In April 2020, meatpacking plants emerged as major COVID-19 hotspots, perhaps because they often have thousands of workers in close proximity in refrigerated environments that allow the virus to persist. After state and local governments closed several major plants, President Trump invoked the Defense Production Act to require them to reopen, albeit with improved protections for workers.
Farmworkers also work in close proximity, especially if they are following a conveyor belt in strawberry or lettuce fields to harvest commodities and place them on the belt. Rearranging crews so that some are in front and others behind the machine, or reducing crew sizes to allow physical distancing, can reduce the spread of the virus and productivity.
Limiting the spread of the virus in farmworker communities is another concern. Many farmworkers live in crowded housing; infections from a farm workplace could spread rapidly. Such workplace-originated COVID-19 clusters have not been found in California agriculture to date, but the meatpacking example demonstrates that the virus can spread quickly and reduce workforce availability. Public health officials and NGOs are supplementing employer efforts to educate farmworkers about COVID-19 and how to avoid being infected and transmitting the disease.
Farm labor's changing role
Longer term, COVID-19 is likely to join a list of factors — including the minimum wage rising toward $15 an hour, and overtime pay after eight hours a day or 40 hours a week — that are raising labor costs and accelerating three major trends: labor-saving mechanization, more H-2A guest workers and more imports of labor-intensive commodities.
COVID-19 could spur renewed efforts to mechanize hand tasks in the medium term. Machines are being developed to harvest commodities that range from apples to melons, and growers are changing the layout of orchards and fields to facilitate mechanization. The “tipping point” when machines are cheaper than hand labor varies by commodity, but rising labor costs and declining machinery costs are accelerating the mechanization of canning peaches and raisin grapes.
The virus may further expand the H-2A guest worker program that allows farmers who anticipate labor shortages to be certified to hire guest workers after they try and fail to recruit individuals who are working in the United States (either legally or illegally), and satisfy two other major conditions: provide free housing for guest workers and pay them the Adverse Effect Wage Rate of $14.77 in 2020.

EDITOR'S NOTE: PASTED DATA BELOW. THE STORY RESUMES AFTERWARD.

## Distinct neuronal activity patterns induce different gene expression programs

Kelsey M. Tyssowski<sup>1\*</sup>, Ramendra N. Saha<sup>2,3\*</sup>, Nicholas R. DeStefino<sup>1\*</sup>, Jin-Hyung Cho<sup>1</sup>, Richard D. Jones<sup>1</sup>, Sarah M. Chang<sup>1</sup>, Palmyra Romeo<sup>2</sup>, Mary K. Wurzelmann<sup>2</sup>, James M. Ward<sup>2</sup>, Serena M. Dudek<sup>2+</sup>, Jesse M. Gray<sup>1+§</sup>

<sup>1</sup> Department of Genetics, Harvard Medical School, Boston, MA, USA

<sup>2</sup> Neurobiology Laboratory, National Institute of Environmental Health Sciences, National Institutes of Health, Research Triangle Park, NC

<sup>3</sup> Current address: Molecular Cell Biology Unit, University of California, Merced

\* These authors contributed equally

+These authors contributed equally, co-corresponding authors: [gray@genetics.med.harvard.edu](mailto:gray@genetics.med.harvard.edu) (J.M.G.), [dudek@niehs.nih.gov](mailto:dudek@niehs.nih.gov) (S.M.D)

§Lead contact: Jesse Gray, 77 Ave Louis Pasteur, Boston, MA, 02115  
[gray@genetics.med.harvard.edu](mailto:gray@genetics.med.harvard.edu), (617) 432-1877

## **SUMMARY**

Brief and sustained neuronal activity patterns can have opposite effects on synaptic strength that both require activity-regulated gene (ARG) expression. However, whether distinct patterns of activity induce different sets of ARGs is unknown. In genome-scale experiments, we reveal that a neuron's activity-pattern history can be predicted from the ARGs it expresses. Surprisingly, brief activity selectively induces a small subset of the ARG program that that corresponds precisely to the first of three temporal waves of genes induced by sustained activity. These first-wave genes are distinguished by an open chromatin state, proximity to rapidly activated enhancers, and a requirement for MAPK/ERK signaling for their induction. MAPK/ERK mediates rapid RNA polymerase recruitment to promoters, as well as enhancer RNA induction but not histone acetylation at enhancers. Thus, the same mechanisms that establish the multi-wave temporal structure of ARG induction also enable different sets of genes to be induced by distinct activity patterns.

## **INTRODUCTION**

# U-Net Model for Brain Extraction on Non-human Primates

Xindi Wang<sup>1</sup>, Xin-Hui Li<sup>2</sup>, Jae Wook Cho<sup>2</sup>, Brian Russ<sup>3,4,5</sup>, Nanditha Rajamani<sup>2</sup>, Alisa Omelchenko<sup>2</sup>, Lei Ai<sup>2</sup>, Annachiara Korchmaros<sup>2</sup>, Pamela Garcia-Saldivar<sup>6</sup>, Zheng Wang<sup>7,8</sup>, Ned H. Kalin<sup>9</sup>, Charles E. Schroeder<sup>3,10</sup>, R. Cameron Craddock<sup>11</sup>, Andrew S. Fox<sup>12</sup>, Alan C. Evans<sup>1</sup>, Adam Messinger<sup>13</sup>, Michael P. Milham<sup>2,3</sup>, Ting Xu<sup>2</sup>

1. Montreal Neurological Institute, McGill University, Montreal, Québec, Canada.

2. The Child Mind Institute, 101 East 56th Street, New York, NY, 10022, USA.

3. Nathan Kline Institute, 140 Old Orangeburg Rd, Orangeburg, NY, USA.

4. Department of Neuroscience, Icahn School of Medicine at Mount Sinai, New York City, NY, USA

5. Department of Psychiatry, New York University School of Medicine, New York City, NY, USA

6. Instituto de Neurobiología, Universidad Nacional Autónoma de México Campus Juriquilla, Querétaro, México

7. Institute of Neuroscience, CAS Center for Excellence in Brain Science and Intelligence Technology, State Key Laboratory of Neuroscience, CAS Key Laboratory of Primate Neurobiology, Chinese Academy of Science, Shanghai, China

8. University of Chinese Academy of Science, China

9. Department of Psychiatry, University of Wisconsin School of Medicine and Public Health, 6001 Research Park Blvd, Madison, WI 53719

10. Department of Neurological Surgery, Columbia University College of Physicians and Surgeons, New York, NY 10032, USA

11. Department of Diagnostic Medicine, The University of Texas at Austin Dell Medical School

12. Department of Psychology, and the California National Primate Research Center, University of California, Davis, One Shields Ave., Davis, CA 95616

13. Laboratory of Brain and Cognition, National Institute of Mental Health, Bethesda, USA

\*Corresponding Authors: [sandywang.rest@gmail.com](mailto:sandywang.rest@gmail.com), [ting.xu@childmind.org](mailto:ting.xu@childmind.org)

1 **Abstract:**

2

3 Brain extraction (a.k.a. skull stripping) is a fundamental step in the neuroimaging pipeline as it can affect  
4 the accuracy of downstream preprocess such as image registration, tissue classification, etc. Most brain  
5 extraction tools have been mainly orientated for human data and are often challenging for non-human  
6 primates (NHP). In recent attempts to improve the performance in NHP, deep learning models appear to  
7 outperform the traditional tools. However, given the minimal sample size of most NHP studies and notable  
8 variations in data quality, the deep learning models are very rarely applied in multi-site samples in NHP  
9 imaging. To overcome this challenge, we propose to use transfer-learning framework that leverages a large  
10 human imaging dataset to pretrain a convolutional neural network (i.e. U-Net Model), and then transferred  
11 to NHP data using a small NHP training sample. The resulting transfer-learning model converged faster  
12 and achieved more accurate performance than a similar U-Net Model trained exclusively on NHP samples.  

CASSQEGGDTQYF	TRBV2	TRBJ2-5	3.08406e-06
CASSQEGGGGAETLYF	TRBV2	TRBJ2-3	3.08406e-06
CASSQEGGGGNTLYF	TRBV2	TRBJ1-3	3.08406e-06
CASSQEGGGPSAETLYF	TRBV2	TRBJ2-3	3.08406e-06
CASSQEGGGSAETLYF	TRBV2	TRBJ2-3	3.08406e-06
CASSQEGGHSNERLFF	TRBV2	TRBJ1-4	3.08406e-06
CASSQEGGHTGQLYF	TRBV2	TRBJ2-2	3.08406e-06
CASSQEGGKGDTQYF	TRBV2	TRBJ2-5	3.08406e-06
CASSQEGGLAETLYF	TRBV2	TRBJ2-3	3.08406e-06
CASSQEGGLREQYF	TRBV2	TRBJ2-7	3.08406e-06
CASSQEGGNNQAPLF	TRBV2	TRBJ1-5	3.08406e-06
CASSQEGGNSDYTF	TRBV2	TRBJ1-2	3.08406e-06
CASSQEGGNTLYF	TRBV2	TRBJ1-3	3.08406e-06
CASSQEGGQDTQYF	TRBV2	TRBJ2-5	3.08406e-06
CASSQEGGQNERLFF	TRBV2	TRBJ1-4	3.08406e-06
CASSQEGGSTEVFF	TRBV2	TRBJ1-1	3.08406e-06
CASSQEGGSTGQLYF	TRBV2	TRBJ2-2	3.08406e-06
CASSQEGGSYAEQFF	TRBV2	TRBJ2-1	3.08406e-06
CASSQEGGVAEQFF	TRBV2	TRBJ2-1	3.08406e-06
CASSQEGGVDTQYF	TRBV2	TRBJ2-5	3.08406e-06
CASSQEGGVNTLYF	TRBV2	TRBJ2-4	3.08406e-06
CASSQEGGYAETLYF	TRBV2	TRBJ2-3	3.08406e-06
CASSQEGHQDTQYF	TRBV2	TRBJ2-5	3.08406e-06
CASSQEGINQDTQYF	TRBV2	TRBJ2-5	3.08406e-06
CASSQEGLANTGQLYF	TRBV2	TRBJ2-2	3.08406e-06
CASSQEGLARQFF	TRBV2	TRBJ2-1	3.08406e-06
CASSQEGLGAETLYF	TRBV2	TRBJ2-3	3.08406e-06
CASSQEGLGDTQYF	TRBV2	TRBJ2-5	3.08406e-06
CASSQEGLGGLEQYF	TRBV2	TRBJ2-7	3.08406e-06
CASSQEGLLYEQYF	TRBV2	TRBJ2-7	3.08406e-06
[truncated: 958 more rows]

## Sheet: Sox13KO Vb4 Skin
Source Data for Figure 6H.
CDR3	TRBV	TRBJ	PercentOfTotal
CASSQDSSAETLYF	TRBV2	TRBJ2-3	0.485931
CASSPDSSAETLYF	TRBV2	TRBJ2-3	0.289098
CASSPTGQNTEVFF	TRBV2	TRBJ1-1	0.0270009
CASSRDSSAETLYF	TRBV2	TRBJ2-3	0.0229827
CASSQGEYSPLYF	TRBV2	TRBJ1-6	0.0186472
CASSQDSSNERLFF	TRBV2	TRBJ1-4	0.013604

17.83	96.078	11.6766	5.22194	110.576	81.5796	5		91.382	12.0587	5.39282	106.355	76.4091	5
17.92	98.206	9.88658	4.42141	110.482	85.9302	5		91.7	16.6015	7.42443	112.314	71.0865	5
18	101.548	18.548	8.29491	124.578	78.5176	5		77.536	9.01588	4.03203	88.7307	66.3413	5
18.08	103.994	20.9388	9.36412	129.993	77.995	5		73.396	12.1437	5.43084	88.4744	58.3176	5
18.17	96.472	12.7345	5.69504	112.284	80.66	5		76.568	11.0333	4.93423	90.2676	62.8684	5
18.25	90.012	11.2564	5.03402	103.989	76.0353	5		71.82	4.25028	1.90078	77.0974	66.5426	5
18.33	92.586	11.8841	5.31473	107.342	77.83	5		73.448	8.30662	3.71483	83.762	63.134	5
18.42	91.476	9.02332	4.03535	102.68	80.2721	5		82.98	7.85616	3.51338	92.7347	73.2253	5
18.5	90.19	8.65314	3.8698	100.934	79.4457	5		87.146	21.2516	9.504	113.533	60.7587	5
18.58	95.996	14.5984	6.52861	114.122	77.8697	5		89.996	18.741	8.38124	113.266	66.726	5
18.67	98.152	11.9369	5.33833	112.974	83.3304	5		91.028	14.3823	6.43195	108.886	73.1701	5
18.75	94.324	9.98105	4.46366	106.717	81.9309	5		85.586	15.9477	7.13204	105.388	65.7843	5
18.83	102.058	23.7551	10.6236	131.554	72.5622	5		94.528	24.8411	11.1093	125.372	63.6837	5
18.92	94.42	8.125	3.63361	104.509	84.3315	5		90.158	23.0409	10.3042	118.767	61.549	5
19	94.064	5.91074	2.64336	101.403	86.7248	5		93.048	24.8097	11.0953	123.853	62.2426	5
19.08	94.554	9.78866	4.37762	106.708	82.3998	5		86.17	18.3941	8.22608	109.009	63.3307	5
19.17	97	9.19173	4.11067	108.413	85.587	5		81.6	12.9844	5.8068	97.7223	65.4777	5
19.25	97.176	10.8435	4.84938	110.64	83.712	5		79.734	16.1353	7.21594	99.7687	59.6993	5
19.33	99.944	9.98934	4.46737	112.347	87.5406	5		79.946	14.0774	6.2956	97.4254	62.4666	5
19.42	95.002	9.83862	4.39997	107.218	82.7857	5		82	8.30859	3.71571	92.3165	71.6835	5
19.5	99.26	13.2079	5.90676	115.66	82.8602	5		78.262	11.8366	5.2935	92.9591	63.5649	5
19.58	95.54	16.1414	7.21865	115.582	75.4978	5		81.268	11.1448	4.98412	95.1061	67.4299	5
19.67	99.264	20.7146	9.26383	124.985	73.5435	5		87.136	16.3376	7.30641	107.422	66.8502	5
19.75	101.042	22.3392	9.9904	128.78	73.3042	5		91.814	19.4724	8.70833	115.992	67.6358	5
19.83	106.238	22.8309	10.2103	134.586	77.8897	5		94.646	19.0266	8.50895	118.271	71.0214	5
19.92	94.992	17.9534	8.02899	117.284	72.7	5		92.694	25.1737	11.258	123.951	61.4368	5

Because of the cost of housing and transportation in the metro counties with most labor-intensive commodities, H-2A labor can cost farm employers as much as $24 per hour, substantially more than the $15 to $17 per hour cost of U.S. farmworkers. Nonetheless, H-2A workers have proven to be highly productive and California farm employers have been hiring them at increasing rates; the number of jobs certified to be filled with H-2A workers rose from 6,000 in FY15 to over 23,000 in FY19.
The final effect of COVID-19 could come via trade. California's agricultural exports are roughly $20 billion annually. Rising wages or reduced availability of farmworkers could further shift the state's crop mix towards highly mechanized export-oriented crops like nuts and encourage the mechanization of hand harvested commodities. The United States currently imports half of its fresh fruit and a third of its fresh vegetables from Mexico, where farm labor costs are 10% of costs, mostly in California. Continued improvements in growing practices in Mexico are extending seasons and elevating quality, driving increased exports; for example, over half of the fresh tomatoes consumed in the United States today are imported from Mexico.
COVID-19 introduces new uncertainties for everyone. For California agriculture, COVID-19's major short-term challenge is to keep farmworkers and their families healthy, while in the longer term COVID-19 promises to accelerate trends that include faster mechanization, more guest workers and rising imports.